Methodological quality of included studies. This risk of bias tool incorporates assessment of randomization (sequence generation and allocation concealment), blinding (participants, personnel and outcome assessors), completeness of outcome data, selection of outcomes reported, and other sources of bias. The items were scored with “yes”, “no”, or “unsure”

Fig. 3

Risk of bias. Each risk of bias item presented as percentages across all included studies which indicated the proportion of different level risk of bias for each item

The pooled results of meta-analysis

The pooled results indicated that there was no significant difference between the two groups in terms of the lower limb coronal alignment (RR = 1.20, 95%CI 0.28~5.21, n.s. Fig. 4a). For coronal alignment of femoral component, no significant difference was noted between the two groups (RR = 0.65, 95%CI 0.19~2.22, n.s. Fig. 4b). No significant difference was noted between the two groups in the sagittal alignment of femoral component (RR = 0.73, 95%CI 0.38~1.41, n.s. Fig. 4c). The blood loss was less in the EM group compared with the IM group (MD = −120.34, 95%CI −210.08~−30.59, P =0.009, Fig. 5a). There was no significant difference between the two groups in terms of the operation time (MD = 1.41, 95%CI -1.82~4.64, n.s. Fig. 5b).
Fig. 4

a Comparison of the lower limb coronal alignment between femoral EM and IM techniques. b Comparison of coronal alignment of femoral component between femoral EM and IM techniques. c Comparison of sagittal alignment of femoral component between femoral EM and IM techniques

Fig. 5

a Comparison of blood loss between femoral EM and IM techniques. b Comparison of operative time between femoral EM and IM techniques

Discussion

Our meta-analysis compared the radiographic outcomes between the EM and the IM femoral guiding technique in patients undergoing TKA. No significant differences were found between the two groups in terms of the lower limb coronal alignment, the coronal alignment of femoral component, and the sagittal alignment of femoral component. The EM guide was associated with a less blood loss and exhibited a similar operation time as the IM guide.

Long-term success after TKA is dependent especially on proper intraoperative component positioning [14]. Most authors have reported favorable femoral cuts made with the IM guide and it is considered to be the most accurate with a statistically significant increase in the percentage of distal femoral cuts [6, 7]. Several studies found 85–96% of IM femoral cuts to be acceptable compared with 69–86% of EM cuts. The EM femoral alignment technique had inferior accuracy with approximately 10% more outliers on the coronal plane compared with the IM technique [9]. Historically, all the authors were using the EM instruments referring only to the anterosuperior iliac spine (ASIS) intraoperatively [7, 16]. However, the use of the ASIS to locate the femoral head center (FHC) might not be an accurate method since the FHC was indirectly determined by and dependent on anatomical structures adjacent to the femoral head. Identification of the FHC using the two finger-breadths medial to the ASIS method was unreliable and a wide variation of inter-ASIS distances was found among patients [17].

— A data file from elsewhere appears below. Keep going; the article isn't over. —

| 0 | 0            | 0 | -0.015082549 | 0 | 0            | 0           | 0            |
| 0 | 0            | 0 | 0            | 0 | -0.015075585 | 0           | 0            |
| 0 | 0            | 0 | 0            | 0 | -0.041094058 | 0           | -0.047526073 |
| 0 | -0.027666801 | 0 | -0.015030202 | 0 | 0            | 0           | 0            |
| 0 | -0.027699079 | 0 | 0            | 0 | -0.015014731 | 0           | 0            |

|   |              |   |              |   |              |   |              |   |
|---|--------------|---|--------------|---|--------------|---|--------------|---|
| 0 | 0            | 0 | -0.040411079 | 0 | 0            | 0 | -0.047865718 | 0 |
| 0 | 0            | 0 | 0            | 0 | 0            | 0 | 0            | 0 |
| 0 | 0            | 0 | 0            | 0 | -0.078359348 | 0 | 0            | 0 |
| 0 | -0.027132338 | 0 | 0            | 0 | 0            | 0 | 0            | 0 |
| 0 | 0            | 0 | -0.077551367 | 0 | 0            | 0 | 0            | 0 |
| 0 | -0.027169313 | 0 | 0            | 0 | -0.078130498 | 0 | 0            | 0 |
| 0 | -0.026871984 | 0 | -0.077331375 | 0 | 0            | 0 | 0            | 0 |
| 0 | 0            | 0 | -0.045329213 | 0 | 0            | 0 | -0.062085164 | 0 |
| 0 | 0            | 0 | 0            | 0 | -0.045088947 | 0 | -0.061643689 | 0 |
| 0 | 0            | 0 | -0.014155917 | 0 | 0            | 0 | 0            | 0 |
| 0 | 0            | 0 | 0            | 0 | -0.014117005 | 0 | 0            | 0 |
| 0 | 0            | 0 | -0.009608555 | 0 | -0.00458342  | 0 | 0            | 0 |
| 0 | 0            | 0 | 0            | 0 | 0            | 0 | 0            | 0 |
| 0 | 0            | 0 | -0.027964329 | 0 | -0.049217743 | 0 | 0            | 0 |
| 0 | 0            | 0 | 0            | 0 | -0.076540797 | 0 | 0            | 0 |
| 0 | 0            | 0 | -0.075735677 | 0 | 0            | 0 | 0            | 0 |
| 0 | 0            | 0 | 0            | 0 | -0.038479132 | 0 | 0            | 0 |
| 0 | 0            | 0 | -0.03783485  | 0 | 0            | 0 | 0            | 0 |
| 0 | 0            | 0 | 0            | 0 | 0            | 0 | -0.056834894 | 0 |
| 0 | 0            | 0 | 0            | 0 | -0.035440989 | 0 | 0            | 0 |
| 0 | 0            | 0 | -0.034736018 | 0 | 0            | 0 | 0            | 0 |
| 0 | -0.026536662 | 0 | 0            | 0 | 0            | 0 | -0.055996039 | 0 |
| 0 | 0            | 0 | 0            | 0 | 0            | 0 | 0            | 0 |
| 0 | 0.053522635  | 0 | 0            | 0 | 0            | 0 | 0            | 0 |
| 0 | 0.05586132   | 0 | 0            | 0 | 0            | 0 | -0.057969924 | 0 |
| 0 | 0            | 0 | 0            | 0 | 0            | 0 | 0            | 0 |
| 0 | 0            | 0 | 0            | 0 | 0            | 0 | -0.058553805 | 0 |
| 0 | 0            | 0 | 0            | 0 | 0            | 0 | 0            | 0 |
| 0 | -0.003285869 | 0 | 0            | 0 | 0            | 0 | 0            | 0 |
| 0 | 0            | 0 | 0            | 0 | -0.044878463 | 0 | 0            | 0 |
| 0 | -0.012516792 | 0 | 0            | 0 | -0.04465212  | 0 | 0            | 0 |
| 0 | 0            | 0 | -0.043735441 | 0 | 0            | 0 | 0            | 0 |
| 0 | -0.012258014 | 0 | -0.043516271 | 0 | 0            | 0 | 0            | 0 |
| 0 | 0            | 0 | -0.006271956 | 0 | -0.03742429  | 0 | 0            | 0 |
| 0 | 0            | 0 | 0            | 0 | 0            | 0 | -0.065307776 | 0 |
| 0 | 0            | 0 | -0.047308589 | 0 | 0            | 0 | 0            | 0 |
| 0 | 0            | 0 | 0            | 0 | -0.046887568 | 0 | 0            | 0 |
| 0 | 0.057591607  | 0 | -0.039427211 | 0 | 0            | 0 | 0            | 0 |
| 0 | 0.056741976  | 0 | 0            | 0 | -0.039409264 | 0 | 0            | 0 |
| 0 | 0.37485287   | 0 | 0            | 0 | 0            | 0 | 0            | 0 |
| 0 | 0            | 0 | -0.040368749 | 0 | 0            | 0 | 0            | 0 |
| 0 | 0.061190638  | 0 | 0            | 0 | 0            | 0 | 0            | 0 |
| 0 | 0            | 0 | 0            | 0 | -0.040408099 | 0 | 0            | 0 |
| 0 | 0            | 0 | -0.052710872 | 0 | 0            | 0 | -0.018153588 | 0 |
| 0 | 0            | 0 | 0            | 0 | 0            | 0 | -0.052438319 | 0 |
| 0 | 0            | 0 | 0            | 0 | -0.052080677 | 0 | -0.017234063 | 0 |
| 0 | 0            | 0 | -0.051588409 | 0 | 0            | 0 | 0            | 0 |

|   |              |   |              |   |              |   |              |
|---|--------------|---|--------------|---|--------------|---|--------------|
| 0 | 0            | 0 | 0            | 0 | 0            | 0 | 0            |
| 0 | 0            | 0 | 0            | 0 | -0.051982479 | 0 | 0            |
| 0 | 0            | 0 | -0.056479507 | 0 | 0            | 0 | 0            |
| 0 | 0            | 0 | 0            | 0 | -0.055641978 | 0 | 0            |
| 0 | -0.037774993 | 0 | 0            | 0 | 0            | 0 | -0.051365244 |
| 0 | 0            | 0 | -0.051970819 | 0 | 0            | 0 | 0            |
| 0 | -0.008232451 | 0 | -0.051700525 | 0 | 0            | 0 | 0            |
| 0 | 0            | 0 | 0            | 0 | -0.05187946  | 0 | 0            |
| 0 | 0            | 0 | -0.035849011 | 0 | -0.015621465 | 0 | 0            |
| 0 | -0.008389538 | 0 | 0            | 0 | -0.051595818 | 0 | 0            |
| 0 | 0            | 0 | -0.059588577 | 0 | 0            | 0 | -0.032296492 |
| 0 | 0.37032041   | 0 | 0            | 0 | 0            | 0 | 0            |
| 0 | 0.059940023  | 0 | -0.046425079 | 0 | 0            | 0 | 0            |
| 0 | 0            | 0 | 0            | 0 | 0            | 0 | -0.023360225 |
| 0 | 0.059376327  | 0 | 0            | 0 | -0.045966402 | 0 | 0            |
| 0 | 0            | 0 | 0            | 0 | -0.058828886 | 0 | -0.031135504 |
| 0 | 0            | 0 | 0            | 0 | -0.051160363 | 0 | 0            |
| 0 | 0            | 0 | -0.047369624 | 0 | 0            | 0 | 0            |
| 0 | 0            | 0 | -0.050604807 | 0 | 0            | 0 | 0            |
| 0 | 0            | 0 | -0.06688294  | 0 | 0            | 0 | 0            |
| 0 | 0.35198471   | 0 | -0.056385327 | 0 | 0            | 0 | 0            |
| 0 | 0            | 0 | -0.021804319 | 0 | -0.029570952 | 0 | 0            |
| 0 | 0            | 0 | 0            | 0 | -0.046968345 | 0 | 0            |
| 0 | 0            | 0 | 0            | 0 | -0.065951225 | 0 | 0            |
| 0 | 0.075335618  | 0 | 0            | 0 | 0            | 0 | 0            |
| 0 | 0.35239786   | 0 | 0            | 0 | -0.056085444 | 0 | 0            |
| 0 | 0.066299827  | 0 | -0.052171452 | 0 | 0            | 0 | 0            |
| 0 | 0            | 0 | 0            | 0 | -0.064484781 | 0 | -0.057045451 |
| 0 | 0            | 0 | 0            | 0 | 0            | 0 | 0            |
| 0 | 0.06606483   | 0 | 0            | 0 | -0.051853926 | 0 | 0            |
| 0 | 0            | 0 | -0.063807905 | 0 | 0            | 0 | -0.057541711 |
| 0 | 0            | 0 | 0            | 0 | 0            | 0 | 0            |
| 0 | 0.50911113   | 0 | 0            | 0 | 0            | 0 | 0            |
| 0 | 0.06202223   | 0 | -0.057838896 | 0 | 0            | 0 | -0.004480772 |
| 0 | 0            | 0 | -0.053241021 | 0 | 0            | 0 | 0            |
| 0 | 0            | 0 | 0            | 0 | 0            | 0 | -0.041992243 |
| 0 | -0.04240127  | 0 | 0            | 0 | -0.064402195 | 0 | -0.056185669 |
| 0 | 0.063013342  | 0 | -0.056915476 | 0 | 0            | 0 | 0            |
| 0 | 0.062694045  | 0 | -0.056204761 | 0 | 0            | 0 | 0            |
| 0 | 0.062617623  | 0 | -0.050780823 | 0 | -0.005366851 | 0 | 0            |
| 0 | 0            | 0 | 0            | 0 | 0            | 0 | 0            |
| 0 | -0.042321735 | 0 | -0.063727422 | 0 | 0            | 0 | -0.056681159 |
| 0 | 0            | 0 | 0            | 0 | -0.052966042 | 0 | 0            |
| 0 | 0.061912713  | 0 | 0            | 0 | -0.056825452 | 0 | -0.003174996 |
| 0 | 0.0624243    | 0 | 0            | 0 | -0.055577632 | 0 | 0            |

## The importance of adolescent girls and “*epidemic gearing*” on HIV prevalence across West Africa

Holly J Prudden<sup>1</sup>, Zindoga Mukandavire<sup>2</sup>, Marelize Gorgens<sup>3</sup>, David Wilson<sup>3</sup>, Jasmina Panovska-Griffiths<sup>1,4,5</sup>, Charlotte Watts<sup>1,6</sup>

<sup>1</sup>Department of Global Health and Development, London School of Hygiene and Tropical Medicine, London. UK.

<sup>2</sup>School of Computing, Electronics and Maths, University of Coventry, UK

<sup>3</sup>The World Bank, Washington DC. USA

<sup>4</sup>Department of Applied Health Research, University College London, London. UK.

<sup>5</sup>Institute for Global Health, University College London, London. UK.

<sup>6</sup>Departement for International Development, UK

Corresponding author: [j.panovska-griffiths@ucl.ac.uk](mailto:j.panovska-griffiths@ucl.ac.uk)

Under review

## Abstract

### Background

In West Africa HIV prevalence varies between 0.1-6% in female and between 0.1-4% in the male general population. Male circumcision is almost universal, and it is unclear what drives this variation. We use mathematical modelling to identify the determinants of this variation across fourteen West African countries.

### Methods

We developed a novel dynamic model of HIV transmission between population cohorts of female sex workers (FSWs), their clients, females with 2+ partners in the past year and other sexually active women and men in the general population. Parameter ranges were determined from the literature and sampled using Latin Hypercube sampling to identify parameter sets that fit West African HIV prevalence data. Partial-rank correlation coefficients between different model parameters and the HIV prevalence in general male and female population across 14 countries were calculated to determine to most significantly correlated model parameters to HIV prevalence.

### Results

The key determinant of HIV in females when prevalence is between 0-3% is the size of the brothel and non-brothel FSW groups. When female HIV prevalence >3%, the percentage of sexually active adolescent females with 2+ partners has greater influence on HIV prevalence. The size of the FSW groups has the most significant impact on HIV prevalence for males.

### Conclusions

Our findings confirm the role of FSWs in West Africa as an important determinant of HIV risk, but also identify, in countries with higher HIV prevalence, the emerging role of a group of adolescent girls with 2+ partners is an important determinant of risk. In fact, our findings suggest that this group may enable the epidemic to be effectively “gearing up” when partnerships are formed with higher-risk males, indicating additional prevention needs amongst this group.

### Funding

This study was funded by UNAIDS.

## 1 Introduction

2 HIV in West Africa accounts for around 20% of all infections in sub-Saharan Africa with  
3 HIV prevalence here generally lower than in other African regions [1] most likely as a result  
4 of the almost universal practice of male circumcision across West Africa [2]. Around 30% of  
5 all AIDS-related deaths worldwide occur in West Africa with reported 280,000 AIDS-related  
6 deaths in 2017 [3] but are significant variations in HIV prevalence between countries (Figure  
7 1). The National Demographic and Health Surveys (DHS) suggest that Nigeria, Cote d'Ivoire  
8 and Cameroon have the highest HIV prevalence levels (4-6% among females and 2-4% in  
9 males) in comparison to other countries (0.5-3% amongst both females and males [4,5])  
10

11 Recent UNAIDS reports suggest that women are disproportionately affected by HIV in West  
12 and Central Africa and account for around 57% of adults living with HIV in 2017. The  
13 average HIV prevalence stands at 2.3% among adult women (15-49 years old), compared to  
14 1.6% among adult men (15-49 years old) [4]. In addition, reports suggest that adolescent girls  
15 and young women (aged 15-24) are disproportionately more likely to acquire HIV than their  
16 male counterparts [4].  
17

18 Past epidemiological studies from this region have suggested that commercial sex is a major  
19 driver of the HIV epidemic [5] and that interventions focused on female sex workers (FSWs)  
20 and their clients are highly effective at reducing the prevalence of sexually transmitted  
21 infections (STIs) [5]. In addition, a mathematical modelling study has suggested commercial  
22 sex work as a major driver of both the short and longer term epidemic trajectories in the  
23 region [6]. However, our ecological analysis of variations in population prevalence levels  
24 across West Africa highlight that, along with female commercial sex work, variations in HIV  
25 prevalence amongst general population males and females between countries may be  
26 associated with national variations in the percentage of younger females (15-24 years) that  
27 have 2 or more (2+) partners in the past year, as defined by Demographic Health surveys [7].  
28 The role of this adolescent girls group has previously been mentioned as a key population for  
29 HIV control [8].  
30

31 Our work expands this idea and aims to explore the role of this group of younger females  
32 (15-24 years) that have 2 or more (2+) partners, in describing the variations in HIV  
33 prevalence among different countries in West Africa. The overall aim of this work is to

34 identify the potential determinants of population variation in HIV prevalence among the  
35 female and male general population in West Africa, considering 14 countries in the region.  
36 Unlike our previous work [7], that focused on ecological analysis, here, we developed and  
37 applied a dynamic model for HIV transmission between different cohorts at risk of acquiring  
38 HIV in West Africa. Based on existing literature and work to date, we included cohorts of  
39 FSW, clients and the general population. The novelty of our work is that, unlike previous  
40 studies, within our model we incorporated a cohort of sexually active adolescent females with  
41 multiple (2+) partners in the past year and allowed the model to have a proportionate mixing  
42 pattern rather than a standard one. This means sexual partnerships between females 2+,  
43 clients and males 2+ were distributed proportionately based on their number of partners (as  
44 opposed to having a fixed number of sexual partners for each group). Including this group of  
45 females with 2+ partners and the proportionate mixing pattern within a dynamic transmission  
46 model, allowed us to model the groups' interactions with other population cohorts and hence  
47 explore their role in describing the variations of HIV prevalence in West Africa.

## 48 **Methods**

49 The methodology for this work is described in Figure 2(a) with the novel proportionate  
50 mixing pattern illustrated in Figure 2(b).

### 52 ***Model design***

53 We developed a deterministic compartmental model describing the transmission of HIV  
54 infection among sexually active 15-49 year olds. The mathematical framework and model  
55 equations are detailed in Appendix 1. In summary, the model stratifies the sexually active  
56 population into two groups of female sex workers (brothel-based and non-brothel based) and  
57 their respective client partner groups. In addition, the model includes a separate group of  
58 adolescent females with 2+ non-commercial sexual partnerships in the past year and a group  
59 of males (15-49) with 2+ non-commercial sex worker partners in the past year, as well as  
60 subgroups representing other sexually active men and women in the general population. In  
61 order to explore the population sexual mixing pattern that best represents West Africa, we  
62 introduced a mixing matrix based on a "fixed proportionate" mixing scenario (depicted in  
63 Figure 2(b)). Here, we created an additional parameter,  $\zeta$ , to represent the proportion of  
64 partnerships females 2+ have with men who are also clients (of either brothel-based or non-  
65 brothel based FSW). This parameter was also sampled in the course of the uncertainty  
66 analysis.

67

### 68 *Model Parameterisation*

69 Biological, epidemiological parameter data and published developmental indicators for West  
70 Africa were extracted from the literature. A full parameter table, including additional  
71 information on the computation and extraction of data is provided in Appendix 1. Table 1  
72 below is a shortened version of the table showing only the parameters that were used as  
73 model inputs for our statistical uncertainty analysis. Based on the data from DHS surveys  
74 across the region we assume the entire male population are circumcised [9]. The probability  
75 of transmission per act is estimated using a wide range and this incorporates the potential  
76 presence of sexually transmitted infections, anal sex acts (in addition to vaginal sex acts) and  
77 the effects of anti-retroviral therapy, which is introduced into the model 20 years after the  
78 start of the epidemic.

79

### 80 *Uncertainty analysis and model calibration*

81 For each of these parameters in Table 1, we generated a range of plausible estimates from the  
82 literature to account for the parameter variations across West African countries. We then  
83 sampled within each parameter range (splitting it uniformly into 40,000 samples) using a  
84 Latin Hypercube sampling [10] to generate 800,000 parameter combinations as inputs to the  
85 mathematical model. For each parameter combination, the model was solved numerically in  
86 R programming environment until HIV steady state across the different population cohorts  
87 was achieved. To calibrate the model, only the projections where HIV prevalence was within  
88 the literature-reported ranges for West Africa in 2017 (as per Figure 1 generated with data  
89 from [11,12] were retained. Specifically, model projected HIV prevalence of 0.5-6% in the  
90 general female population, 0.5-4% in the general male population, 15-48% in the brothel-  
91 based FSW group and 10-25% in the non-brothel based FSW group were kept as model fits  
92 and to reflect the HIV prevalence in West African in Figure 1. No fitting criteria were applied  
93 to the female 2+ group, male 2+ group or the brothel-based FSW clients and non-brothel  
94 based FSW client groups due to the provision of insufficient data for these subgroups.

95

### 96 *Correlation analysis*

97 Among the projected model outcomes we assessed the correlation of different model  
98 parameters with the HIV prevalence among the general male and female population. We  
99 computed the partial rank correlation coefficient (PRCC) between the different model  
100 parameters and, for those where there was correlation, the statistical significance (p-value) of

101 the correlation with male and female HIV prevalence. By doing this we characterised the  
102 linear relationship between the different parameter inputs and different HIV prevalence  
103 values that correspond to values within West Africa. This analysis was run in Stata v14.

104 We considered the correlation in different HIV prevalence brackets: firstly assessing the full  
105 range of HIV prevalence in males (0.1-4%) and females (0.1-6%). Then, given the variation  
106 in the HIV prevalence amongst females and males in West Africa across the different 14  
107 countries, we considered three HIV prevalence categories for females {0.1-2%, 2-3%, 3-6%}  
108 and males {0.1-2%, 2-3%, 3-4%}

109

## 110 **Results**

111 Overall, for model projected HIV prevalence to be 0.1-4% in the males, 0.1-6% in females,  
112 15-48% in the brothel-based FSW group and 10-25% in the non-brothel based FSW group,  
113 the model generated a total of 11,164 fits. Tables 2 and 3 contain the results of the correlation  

Recently, some studies have introduced new techniques to improve the accuracy of the extramedullary alignment guide system. Baldini and Adravanti [8] developed a set of EM instruments calibrated with preoperative templating radiograph measurements of inter-femoral head center distance (IFD), which allowed one to perform distal femoral resection without violating the femoral canal. They reported that the femoral component coronal alignment was within 0° ± 2° of the mechanical axis in 84% of the IM group and 86% of the EM group. Matsumoto et al. [18] reported that the femoral component coronal alignment was within 0° ± 3° of the mechanical axis in 98% of patients by using a similar EM instrument. Seo et al. [19] using preoperative templating radiograph measurements of IFD showed that outliers (±3°) of the femoral component coronal alignment were observed in 9.4% of all cases. However, the proximal reference point in the coronal plane was considered to be incorrect when the lower limb was abducted or adducted during surgery. Therefore, Seo et al. [20] reported the extramedullary technique assisted by a mechanical axis marker, which could easily identify the center of femoral head and result in 98.2% of patients achieving acceptable alignment in the range of 0° ± 3° in the coronal plane. Jung et al. [9] reported that the femoral component coronal alignment was within 90° ± 5° in 98.4% of patients using the mechanical axis marker system. This new EM alignment guide system was accurate since it included proximal and distal coronal axis markers to indicate the IFD, which was independent of leg posture. The use of an intramedullary guide for the femur was associated with increased risks of fat embolism, blood loss, postoperative hypoxia, and intraoperative fractures [11, 14, 15]. In addition, the IM femoral alignment system did not always guarantee accuracy of the component position in the TKA. The femoral bowing was a common phenomenon and could affect axial alignment of TKA when IM alignment systems were used, especially in East Asian populations [21, 22]. In these cases, the EM femoral alignment system was a useful alternative surgical option to adjust femoral component alignment [9]. In patients with a more bowed femur, malalignment of lower limb may occur in IM technique, while Computer-assisted techniques could improve the accuracy in both sagittal and coronal planes and EM technique could improve the accuracy in coronal planes. Although the computer-assisted TKA enabled more accurate component alignment [23, 24], the 10-year outcomes of computer-assisted TKA are not superior to that of the conventional technique in function, patient satisfaction and implant survivorship [25, 26].